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Most complex jurisdictions to do business in the world (by GBCI 2022 report)

In todays material we’re exploring the top ten most complex for business jurisdictions worldwide. They are ranked by the experts of TMF Group in their latest report.

Have you heard about the Global Business Complexity Index?

Each year the TMF Group presents a thorough analysis and evaluation in terms of ease or complexity of doing business in jurisdictions worldwide that represent over 90% of the world’s GDP.

In particular, the 2022 GBCI measures 77 jurisdictions worldwide, forming 32% of the total country count. It capturies the world’s largest economies and investment hubs, representing 71% of world’s population, 92% of world GDP & 95% of the net FDI inflow.

The report provides an authoritative overview of the complexity of establishing and operating businesses around the world. While exploring factors as significant drivers for the success or failure of international business, the GBCI report focuses on operating in foreign markets, and outlines key themes and intricacies emerging both globally and locally across the evaluated 77 jurisdictions.

The 2022 Global Business Complexity Index is based on 292 different indicators regarding the business complexity. It provides in-depth analysis of the global and local challenges that impact on the ease of doing business across the world. The global ranking of the 77 jurisdictions formed within the report cover legislation, compliance, accounting procedures, tax regimes, human resources (HR) rules and payroll processes.


Now let’s explore each of the top 10 most complex jurisdictions according to the 2022 Global Business Complexity Index.

TOP 10 World’s most complex jurisdictions for business 2022


Most complex jurisdiction for business worldwide: Brazil

As the report says Brazil holds the first place in the ranking as the most complex jurisdiction both in 2022 and 2021. The volume of regulatory changes each year, combined with the three layers of tax regimes to comply with – federal, state and municipality are pointed out as key drivers of complexity in Brazil.

As a response to the Covid-19 pandemic in 2021 Brazil executed short-term changes including temporary government incentives. This aimed to help businesses reduce their payroll costs, and tax reductions to help companies retain their workforce. As GBCI estimates the adaptive changes added to the business complexity in Brazil, since they came with a heavy administrative burden. In 2022’s GBCI, the cessation of these incentives comes again with a similar administrative workload as businesses revert to normality.

The positive impact regarding the measures around Covid-19 was that they accelerated Brazil’s already high levels of digitalization. For instance, before the pandemic, all notarial services required a physical presence, as well as a face-to-face signing of documents. This necessity has been replaced by solutions like digital formatting and video calls. As it seems these changes will remain permanently.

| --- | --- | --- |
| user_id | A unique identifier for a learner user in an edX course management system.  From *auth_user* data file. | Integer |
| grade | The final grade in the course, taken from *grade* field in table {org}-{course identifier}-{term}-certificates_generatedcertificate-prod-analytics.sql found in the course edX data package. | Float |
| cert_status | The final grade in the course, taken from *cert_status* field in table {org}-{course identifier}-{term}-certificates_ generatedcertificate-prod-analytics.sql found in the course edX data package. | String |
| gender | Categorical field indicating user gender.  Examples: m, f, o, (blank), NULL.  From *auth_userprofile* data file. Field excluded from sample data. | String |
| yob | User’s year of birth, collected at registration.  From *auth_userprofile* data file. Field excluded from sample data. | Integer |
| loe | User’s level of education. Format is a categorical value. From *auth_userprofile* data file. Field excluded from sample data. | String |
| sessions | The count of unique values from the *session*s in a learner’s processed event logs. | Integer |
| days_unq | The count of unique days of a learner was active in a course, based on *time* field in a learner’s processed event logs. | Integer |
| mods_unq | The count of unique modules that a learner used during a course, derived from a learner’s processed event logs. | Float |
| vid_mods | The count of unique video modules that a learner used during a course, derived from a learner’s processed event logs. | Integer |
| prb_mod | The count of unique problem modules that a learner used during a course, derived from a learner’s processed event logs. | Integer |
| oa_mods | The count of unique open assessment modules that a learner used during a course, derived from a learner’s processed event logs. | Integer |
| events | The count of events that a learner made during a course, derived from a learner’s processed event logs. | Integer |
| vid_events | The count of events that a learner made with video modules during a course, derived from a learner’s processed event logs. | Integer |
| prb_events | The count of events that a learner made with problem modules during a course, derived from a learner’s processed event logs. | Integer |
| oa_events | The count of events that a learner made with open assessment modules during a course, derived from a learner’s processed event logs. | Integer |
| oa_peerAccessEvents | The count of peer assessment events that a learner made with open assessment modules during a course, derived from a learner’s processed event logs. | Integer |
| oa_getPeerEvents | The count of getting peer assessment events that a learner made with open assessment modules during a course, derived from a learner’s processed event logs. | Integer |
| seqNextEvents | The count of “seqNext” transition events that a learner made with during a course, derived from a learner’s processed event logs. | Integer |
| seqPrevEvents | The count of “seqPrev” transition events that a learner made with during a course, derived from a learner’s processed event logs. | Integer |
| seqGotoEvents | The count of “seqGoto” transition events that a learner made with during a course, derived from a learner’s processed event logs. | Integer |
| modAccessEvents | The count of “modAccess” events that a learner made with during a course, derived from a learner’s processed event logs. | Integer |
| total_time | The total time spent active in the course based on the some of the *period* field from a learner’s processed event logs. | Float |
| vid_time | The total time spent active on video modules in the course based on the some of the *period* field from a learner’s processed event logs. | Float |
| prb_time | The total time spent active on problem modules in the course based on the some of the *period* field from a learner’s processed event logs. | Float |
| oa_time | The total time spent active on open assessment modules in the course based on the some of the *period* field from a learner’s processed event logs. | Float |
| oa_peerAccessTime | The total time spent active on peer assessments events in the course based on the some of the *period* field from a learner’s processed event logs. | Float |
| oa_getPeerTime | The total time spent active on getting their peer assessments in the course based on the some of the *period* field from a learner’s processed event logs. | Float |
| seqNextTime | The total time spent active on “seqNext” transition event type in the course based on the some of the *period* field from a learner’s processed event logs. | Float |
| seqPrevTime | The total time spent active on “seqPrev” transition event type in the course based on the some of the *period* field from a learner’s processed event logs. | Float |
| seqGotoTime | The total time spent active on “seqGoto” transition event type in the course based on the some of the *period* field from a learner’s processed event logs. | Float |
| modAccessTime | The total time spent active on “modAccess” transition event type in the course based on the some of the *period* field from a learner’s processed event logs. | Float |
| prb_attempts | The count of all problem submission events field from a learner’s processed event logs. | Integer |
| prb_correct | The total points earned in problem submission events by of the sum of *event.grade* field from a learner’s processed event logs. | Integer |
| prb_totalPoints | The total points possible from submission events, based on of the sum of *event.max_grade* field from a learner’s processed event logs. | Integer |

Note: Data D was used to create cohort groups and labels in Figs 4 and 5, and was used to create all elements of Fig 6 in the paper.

In Brazil one of the most complex processes remains the incorporation of new companies.

It takes about 45 days to the businesses to deal with three layers of regulation. At the federal level, businesses are required to set up a tax ID, and select their tax code based on the specific company sector. Companies pay VAT and service tax at the state level, and revenue tax at the municipal level. Also revenue taxes vary from city to city. Despite the fact that this lengthy process is mostly digital now, companies must have an appointed locally residing representative. Foreign shareholders are obliged to appoint a resident legal representative and the local entity must have a locally residing officer.

The regulations in Brazil are definitely complex. However the jurisdiction presents opportunity, with a large consumer market of 213 million inhabitants. “Assets under administration in Brazil are at an all-time high, with particular growth in the energy, infrastructure, and services sectors”- points out the GBCI 2022.


France is second in the ranking of business complexity two subsequent years

In both rankings for 2021 and 2022 year France holds its second place as business complexity jurisdiction. French government’s policy ishistorically known to be employee centric. During Covid-19 the government’s strategy emphasized that approach with economic schemes to help absorb some of the impact of the pandemic. Its measures supported companies and, in turn, their staff. Although attractive to businesses benefitting from the schemes, this support also added administrative complexity.

In France accounting and tax can be particularly complex. This is due to local language requirements and the number of taxes and tax reports that need to be filed. These factors are challenging for foreign businesses that must adapt to local ways of working.

France is considered a leading jurisdiction for ESG (Environmental Social Governance), especially environmental and social legislation. This jurisdiction was an early adopter of EU rules, developing ESG regulations before the EU. Examples include gender equality legislation and rules for the employment of people with disabilities. They apply for companies with as few as 20 employees.